Mallorie Greene’s podcast may be called Black Girl Basics however she is anything but that. In an age revolving around digital media, Greene found that she couldn’t find content tailored directly towards Black girls. With the media’s steady steps to become more diverse, Greene asked herself a simple question: “If I don’t know any young Black women doing podcasts. I don’t hear about it or see any of them. Why can’t I?” In an interview with Greene, she gives us some insight into Black Girl Basics’ important placement in the growing world of podcasting.
Q: What inspired you to start a podcast in particular when there are so many other digital mediums today?
A: In high school, around my junior or senior year, I started getting into podcasts and there was one podcast that I really loved called The Read. It’s two people: Kid Fury and Crissle. They were absolutely hilarious and they’re Black and they’re comedians. They both work for MTV and they made me laugh. It was interesting because when I would listen to a podcast, I could be on the bus. I could be on a walk and I wouldn’t have to watch anything. I could just listen to it. I think that sparked my interest in podcasts. I always knew that there was some type of content that I wanted to create toward young Black girls, young adult Black girls, and young teenage Black girls, because I always felt like there was something for young Black boys, and there was something for young Black kids, but nothing specifically for young Black women. When COVID first hit and we all were dispersed and sent home, I knew there was something that I wanted to create for young Black women. I sat on the idea literally until December of 2020, because I had absolutely no confidence in it. I was thinking about doing YouTube, but I honestly thought that at this point, there are so many girls who look like me. I’m happy about it, but I don’t know any young Black women doing podcasts. I don’t hear about it or see any of them. And I was like, why can’t I? So I decided to do it a couple of days before New Year’s, literally the very end of 2020. I was about to go to sleep and I thought of Black Girl Basics. The name just came to me, and I was like, ‘that has a ring to it, I think I like that.’ So, I wrote it down in my journal and it started from there.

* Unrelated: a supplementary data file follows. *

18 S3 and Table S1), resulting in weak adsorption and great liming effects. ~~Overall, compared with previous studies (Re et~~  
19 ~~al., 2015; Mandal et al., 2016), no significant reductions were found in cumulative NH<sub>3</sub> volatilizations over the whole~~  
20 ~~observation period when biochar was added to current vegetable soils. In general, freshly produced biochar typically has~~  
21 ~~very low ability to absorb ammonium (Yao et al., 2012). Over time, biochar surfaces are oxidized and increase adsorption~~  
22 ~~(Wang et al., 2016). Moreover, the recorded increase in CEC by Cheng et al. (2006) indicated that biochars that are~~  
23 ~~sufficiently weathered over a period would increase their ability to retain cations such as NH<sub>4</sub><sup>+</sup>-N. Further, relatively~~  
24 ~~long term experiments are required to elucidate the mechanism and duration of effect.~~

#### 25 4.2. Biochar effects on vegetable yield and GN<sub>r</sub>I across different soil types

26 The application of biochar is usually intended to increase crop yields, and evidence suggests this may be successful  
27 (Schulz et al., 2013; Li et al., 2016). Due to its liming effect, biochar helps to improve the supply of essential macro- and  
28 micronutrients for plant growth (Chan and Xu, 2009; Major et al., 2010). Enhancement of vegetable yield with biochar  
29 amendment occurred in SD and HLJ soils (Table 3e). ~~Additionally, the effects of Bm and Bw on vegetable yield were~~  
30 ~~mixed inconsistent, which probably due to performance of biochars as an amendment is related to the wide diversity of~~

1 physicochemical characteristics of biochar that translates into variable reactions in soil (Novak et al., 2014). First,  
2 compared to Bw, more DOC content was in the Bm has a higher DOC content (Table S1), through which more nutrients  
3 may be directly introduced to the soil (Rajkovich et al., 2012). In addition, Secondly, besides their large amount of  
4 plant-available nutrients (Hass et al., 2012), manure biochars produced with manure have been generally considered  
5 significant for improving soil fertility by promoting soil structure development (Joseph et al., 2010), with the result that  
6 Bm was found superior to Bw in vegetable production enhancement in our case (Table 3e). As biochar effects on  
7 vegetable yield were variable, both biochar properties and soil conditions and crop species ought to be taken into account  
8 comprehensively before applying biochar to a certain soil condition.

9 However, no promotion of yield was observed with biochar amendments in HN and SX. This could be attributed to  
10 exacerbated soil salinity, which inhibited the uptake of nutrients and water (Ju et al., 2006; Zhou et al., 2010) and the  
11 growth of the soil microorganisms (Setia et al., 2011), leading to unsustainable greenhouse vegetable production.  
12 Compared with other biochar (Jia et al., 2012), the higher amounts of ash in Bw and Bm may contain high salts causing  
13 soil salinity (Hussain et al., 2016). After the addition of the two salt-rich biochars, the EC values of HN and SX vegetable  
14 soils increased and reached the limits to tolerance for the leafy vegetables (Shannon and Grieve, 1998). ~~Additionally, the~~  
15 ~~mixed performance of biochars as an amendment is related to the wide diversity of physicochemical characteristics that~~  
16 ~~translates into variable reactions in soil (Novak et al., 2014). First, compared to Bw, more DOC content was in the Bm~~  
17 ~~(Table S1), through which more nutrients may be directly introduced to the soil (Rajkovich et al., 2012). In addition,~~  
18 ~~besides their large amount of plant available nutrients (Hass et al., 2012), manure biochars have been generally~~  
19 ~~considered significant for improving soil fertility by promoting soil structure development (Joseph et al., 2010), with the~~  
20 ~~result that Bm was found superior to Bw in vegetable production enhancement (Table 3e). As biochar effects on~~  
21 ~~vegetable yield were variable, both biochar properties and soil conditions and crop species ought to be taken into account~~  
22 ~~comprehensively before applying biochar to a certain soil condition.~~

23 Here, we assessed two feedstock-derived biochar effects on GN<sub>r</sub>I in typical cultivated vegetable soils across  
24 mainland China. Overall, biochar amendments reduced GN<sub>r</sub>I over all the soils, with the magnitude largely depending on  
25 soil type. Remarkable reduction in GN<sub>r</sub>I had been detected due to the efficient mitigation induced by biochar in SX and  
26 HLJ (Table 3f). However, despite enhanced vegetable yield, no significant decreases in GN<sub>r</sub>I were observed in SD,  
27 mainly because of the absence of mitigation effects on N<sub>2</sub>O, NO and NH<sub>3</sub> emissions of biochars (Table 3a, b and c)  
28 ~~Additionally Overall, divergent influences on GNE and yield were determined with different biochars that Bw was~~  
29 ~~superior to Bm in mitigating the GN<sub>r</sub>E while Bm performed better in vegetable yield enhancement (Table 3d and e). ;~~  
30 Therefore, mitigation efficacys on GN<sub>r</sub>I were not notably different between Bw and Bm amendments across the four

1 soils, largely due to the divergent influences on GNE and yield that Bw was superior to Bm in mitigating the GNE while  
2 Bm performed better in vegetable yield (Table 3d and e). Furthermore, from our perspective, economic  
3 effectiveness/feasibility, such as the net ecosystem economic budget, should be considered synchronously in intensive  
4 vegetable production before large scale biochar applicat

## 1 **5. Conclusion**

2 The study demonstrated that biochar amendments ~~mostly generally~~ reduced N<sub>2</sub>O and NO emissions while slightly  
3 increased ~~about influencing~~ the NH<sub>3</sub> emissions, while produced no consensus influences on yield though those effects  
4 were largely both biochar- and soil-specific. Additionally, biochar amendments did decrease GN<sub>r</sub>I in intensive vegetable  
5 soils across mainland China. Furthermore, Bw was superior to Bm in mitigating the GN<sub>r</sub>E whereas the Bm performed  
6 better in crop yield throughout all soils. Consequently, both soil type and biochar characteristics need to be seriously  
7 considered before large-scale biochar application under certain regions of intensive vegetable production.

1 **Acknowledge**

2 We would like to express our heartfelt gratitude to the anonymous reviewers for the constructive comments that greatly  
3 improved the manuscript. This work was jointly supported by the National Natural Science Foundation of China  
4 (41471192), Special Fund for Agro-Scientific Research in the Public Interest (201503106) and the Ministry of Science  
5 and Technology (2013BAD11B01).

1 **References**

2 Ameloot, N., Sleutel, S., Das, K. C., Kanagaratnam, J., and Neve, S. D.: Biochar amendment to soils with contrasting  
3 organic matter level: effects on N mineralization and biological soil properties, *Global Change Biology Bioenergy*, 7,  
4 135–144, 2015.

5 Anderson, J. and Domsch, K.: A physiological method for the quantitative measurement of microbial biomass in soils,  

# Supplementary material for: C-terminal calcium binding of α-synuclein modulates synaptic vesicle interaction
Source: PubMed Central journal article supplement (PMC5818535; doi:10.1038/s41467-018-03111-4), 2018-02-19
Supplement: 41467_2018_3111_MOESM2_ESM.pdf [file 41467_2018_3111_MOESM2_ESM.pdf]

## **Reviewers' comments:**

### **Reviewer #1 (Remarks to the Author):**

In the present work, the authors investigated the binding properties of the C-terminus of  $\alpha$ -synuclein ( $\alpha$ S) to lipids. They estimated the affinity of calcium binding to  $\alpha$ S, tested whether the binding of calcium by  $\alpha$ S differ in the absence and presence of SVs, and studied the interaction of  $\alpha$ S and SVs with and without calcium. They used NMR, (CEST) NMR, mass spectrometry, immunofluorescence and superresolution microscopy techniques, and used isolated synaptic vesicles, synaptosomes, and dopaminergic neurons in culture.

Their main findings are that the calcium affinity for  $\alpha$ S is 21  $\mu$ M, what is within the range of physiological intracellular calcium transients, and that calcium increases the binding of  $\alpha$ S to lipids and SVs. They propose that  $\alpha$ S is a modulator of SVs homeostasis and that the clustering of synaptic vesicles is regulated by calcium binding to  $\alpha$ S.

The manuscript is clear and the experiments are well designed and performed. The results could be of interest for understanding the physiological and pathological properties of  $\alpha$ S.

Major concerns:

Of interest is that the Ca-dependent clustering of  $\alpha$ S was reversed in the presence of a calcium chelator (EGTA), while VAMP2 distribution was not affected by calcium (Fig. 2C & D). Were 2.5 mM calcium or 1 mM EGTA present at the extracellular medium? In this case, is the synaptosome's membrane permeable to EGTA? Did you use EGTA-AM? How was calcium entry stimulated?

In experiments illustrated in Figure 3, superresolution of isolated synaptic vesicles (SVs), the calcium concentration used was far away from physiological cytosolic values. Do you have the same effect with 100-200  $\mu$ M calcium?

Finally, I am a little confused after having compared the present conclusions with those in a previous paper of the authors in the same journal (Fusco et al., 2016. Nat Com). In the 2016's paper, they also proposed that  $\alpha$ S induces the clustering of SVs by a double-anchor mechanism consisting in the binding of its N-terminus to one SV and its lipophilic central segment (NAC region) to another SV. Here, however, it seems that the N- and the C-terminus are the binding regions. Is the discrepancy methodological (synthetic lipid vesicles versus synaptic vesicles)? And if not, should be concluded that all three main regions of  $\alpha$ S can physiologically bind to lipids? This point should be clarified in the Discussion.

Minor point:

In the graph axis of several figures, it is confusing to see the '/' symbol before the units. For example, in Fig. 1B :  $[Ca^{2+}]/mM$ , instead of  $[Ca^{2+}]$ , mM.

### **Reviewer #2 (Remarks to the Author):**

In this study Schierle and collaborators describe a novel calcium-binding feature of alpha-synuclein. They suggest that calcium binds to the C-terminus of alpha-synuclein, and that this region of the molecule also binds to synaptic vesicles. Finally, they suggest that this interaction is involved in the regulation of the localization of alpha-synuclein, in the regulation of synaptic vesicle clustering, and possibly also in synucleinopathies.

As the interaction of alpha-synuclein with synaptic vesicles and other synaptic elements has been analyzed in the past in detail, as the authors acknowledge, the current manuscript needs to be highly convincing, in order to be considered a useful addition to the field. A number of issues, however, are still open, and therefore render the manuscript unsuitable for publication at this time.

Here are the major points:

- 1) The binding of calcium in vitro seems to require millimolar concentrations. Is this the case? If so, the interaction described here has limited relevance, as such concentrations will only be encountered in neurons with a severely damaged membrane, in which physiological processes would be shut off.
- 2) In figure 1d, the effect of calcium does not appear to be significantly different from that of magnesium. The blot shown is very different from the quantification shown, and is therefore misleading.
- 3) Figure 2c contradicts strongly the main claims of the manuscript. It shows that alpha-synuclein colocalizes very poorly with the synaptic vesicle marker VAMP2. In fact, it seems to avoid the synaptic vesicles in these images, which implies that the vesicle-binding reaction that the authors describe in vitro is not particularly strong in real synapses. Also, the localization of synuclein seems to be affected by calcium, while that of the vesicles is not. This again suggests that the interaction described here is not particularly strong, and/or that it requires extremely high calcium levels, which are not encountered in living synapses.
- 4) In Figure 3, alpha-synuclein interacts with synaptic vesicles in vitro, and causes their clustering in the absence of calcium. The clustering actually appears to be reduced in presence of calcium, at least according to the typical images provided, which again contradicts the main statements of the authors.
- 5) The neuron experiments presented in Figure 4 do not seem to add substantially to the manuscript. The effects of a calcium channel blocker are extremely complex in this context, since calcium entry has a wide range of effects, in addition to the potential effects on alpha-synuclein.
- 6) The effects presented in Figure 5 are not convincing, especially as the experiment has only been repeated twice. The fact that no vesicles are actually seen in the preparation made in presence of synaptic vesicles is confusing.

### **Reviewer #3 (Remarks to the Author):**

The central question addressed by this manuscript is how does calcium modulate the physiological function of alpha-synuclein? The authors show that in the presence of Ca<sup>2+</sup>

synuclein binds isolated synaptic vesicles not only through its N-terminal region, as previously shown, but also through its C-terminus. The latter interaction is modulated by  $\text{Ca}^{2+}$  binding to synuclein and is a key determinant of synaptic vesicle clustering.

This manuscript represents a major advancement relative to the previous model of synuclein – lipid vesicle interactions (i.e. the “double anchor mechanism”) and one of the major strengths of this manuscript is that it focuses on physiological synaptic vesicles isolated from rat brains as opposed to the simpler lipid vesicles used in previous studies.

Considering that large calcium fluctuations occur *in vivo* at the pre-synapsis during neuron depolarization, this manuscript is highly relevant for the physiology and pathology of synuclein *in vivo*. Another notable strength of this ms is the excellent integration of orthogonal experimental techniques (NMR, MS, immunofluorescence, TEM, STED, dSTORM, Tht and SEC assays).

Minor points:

Q: How has your MMC experience (and/or education) impacted your role as a podcaster today?
A: Even though my time at Marymount was cut short by the pandemic, I will say that it allowed me to know that there wasn’t just me. Even though there weren’t a ton of girls that looked like me at Marymount, the few that I knew, there was something about that sisterhood, the moments that we would have together. It was so special and they were so sweet. I mean, when I did Rayiah’s hair, it was like a little moment where I felt like I was listening to my mom’s conversations with her girls, like when we would go out for lunch and we would just have girl chat. Those little moments of Black sisterhood are so special, and they’re so necessary for us to survive in this climate.Q: In your first episode you shared a lot of beauty product recommendations, how can these products empower Black women in their 20’s today? How have they empowered you?
A: My mom was very strong about me not wearing makeup until I was like 16, but I watched YouTube videos all the time. I couldn’t put on a stitch of makeup because I wasn’t allowed, but I watched it. So then when I started, I knew what I was doing. At first, it made me very self-conscious. I looked at my face with a very critical eye. And then I found Jackie Aina. I don’t know where I would be, beauty-wise, without her. She changed the way I thought about makeup. She changed what I thought about beauty. She changed what I thought about desirability and how things are in the beauty industry, like makeup and getting your hair done. It’s up to you to decide what looks good and what doesn’t, nobody else. And being a Black girl, a lot of beauty is not catered to us. I want my podcast to be a space where it’s like, no, I’m talking to you. Like, this is what does great on my hair. If you have a similar texture, you could try this too. Things that are for us, because I think so many things are not advertised to us. A lot of beauty products laugh at our skin tones and especially skin tones darker than mine. Beauty has shaped me in a lot of ways, but it also made me a lot more aware of beauty as a social construct.
Q: How do you think that podcasting specifically can serve as an accessible avenue for young Black listeners? What makes it a better platform or more of a safe space compared to YouTube, Tik Tok, etc?
A: I think visuals are very important and because we’re in a digital era, visuals have a means of exploiting certain things, like beauty and desirable traits. Obviously, in the tech world, they talk about how racism plays a huge role in visual algorithms, how skin tones and who’s making the content and their beauty/desirability can really decide whether their content is pushed by an algorithm or not. Being on the YouTube space, especially when I was 15 or 16, I developed a lot of self-issues with my image. I looked at myself a lot differently because I didn’t look like girls on videos. I’m not a big Tik Toker, but from what I see on Tik Tok, there are a lot of body checks and visual things, and it pushes a form of dysmorphia that I personally deal with. With podcasting, it’s just your voice. There’s no visual. You’re just listening to my idea. You don’t know what I look like. I choose to not put my face as a part of the cover art for my podcast for that reason. Because unless you follow me, unless you want to know what I look like, you don’t need to know.